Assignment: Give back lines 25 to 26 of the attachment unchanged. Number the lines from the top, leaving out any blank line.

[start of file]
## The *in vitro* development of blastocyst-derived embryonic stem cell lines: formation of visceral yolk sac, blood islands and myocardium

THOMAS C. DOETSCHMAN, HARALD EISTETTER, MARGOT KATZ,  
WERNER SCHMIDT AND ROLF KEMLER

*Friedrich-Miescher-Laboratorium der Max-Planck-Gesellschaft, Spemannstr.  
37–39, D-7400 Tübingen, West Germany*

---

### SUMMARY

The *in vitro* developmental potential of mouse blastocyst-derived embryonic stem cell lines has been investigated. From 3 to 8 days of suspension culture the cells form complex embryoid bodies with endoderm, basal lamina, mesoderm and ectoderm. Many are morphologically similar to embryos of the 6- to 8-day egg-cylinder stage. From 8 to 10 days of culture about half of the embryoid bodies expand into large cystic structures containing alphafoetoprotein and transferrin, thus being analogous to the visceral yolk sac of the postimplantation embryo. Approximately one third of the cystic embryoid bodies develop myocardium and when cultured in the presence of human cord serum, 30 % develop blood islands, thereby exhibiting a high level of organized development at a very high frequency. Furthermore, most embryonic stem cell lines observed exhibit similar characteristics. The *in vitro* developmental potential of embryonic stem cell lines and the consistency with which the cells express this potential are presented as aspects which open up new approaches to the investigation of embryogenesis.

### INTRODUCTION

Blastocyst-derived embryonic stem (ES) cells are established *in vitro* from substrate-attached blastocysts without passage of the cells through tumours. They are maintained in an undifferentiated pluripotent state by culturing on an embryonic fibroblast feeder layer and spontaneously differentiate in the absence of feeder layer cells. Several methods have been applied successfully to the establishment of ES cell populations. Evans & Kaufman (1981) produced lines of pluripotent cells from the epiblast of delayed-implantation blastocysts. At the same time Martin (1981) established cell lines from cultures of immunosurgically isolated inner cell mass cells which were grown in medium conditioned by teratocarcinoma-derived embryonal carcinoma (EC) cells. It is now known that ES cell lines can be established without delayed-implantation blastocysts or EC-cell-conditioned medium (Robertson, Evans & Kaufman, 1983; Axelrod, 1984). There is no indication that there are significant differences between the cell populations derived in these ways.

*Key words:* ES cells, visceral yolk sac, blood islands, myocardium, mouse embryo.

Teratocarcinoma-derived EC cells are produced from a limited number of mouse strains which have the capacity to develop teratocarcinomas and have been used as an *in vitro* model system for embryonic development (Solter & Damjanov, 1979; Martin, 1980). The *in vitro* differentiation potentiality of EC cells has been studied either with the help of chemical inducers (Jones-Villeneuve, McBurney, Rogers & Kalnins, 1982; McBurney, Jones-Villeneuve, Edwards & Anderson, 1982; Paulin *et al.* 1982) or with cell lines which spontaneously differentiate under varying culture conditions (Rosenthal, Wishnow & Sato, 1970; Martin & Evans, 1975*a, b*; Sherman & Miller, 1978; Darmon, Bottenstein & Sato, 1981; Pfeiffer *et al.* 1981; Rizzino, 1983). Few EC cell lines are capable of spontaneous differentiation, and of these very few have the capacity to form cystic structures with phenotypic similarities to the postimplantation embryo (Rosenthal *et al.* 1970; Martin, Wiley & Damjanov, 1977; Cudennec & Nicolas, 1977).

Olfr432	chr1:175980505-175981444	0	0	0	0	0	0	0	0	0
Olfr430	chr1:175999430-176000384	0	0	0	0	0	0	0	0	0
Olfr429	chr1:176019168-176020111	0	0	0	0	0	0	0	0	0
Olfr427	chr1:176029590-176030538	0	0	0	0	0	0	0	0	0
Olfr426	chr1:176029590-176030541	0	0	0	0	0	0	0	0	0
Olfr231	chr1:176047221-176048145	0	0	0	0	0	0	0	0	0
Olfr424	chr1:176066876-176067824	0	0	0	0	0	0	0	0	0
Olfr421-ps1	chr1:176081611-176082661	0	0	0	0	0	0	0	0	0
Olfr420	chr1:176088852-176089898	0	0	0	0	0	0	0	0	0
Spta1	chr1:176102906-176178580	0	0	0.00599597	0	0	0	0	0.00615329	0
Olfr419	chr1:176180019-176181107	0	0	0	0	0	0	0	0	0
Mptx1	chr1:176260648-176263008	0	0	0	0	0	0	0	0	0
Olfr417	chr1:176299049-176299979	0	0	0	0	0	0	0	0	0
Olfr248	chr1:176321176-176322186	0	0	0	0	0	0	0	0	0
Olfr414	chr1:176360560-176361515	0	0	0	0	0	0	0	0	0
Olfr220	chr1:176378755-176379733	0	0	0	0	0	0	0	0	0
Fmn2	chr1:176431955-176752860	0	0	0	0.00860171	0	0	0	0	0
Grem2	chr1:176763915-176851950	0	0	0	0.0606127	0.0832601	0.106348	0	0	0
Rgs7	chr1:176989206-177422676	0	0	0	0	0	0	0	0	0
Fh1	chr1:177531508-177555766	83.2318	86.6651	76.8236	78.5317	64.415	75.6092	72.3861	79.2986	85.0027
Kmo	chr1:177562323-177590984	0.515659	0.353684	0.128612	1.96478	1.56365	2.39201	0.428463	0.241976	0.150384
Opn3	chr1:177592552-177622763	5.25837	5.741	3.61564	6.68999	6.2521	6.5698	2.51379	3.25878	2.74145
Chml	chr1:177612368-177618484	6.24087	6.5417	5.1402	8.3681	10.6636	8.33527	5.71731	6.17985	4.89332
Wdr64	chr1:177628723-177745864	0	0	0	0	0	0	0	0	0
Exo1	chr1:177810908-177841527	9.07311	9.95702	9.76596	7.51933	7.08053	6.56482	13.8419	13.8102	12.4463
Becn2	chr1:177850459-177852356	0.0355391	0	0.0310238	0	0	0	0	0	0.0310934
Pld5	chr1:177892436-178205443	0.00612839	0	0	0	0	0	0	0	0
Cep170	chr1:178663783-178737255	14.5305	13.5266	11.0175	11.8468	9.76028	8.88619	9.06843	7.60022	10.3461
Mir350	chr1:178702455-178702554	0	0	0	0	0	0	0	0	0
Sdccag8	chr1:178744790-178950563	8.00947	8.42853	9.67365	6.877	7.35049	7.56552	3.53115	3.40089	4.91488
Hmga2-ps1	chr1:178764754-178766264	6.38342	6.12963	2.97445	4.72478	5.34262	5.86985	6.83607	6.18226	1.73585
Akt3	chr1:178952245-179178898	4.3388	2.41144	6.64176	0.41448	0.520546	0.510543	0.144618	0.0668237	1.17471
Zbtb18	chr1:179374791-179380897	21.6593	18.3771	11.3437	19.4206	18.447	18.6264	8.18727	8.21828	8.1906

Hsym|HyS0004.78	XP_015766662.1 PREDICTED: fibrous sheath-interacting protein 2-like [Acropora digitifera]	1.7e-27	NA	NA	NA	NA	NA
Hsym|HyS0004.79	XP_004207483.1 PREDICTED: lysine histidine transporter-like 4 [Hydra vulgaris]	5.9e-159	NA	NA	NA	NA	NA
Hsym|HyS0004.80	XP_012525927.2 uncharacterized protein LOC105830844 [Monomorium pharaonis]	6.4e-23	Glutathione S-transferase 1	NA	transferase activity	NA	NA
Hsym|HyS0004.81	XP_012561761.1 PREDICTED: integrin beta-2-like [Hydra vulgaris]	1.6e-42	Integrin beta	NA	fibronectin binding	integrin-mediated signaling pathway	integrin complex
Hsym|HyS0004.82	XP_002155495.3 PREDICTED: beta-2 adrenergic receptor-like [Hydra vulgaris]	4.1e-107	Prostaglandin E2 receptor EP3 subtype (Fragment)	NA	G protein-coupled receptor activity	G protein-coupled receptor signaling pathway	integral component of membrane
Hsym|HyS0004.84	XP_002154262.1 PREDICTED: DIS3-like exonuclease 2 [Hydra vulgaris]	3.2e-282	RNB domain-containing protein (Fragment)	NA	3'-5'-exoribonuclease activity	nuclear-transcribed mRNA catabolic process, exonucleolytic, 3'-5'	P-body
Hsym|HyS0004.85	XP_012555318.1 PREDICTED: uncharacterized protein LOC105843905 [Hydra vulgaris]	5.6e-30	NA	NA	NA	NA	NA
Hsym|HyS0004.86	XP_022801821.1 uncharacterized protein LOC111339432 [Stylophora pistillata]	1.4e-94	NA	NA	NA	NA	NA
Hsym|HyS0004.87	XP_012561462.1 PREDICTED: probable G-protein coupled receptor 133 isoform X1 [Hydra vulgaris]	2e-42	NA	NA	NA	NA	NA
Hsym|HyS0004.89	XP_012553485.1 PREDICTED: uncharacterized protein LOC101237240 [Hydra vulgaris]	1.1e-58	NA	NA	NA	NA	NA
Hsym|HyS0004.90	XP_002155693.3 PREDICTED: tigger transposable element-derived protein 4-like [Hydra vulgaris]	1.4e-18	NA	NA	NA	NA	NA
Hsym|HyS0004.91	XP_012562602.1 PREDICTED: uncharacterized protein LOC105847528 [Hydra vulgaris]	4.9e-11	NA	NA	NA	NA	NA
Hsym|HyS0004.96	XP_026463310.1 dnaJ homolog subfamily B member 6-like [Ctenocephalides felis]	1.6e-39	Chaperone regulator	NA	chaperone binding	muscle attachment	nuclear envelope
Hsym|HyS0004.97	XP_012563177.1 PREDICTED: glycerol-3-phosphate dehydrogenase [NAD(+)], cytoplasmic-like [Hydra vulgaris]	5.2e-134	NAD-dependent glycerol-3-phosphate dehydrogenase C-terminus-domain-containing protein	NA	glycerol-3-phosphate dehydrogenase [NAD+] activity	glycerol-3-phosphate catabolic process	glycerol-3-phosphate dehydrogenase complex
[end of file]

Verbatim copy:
Olfr417	chr1:176299049-176299979	0	0	0	0	0	0	0	0	0
Olfr248	chr1:176321176-176322186	0	0	0	0	0	0	0	0	0